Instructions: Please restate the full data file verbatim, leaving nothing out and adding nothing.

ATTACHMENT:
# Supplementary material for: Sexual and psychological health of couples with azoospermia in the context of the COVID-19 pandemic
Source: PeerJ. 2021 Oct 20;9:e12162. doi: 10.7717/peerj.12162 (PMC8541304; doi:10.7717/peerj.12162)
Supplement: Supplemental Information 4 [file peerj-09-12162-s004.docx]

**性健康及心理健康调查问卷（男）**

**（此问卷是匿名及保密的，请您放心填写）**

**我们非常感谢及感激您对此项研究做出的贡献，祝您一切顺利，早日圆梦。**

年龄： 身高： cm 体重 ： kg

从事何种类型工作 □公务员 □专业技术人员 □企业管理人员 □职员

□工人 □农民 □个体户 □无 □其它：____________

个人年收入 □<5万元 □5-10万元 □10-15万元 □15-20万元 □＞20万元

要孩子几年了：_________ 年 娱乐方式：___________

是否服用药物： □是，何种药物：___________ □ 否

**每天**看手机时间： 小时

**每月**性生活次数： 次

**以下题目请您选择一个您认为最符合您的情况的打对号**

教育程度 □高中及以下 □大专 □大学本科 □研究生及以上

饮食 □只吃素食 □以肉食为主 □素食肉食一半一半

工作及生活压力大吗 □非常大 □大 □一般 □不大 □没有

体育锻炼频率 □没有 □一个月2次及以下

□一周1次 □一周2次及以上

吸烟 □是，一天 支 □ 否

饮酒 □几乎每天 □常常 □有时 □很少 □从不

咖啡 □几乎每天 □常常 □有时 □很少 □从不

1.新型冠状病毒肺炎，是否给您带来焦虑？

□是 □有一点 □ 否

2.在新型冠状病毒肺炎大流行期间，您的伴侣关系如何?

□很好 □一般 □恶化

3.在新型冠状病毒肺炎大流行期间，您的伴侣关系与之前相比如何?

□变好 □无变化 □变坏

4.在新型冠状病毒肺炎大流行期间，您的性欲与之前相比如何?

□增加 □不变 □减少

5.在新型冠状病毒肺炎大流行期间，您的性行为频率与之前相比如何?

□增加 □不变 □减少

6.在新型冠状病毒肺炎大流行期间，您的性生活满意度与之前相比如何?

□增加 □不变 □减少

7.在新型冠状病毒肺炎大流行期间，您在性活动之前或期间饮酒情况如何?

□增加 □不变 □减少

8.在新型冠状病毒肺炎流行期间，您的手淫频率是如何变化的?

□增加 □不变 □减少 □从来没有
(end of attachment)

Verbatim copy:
# Supplementary material for: Sexual and psychological health of couples with azoospermia in the context of the COVID-19 pandemic
Source: PeerJ. 2021 Oct 20;9:e12162. doi: 10.7717/peerj.12162 (PMC8541304; doi:10.7717/peerj.12162)
Supplement: Supplemental Information 4 [file peerj-09-12162-s004.docx]

**性健康及心理健康调查问卷（男）**

**（此问卷是匿名及保密的，请您放心填写）**

**我们非常感谢及感激您对此项研究做出的贡献，祝您一切顺利，早日圆梦。**

年龄： 身高： cm 体重 ： kg

从事何种类型工作 □公务员 □专业技术人员 □企业管理人员 □职员

□工人 □农民 □个体户 □无 □其它：____________

个人年收入 □<5万元 □5-10万元 □10-15万元 □15-20万元 □＞20万元

要孩子几年了：_________ 年 娱乐方式：___________

是否服用药物： □是，何种药物：___________ □ 否

**每天**看手机时间： 小时

**每月**性生活次数： 次

**以下题目请您选择一个您认为最符合您的情况的打对号**

教育程度 □高中及以下 □大专 □大学本科 □研究生及以上

饮食 □只吃素食 □以肉食为主 □素食肉食一半一半

工作及生活压力大吗 □非常大 □大 □一般 □不大 □没有

体育锻炼频率 □没有 □一个月2次及以下

□一周1次 □一周2次及以上

吸烟 □是，一天 支 □ 否

饮酒 □几乎每天 □常常 □有时 □很少 □从不

咖啡 □几乎每天 □常常 □有时 □很少 □从不

1.新型冠状病毒肺炎，是否给您带来焦虑？

□是 □有一点 □ 否

2.在新型冠状病毒肺炎大流行期间，您的伴侣关系如何?

□很好 □一般 □恶化

3.在新型冠状病毒肺炎大流行期间，您的伴侣关系与之前相比如何?

□变好 □无变化 □变坏

4.在新型冠状病毒肺炎大流行期间，您的性欲与之前相比如何?

□增加 □不变 □减少

5.在新型冠状病毒肺炎大流行期间，您的性行为频率与之前相比如何?

□增加 □不变 □减少

6.在新型冠状病毒肺炎大流行期间，您的性生活满意度与之前相比如何?

□增加 □不变 □减少

7.在新型冠状病毒肺炎大流行期间，您在性活动之前或期间饮酒情况如何?

□增加 □不变 □减少

8.在新型冠状病毒肺炎流行期间，您的手淫频率是如何变化的?

□增加 □不变 □减少 □从来没有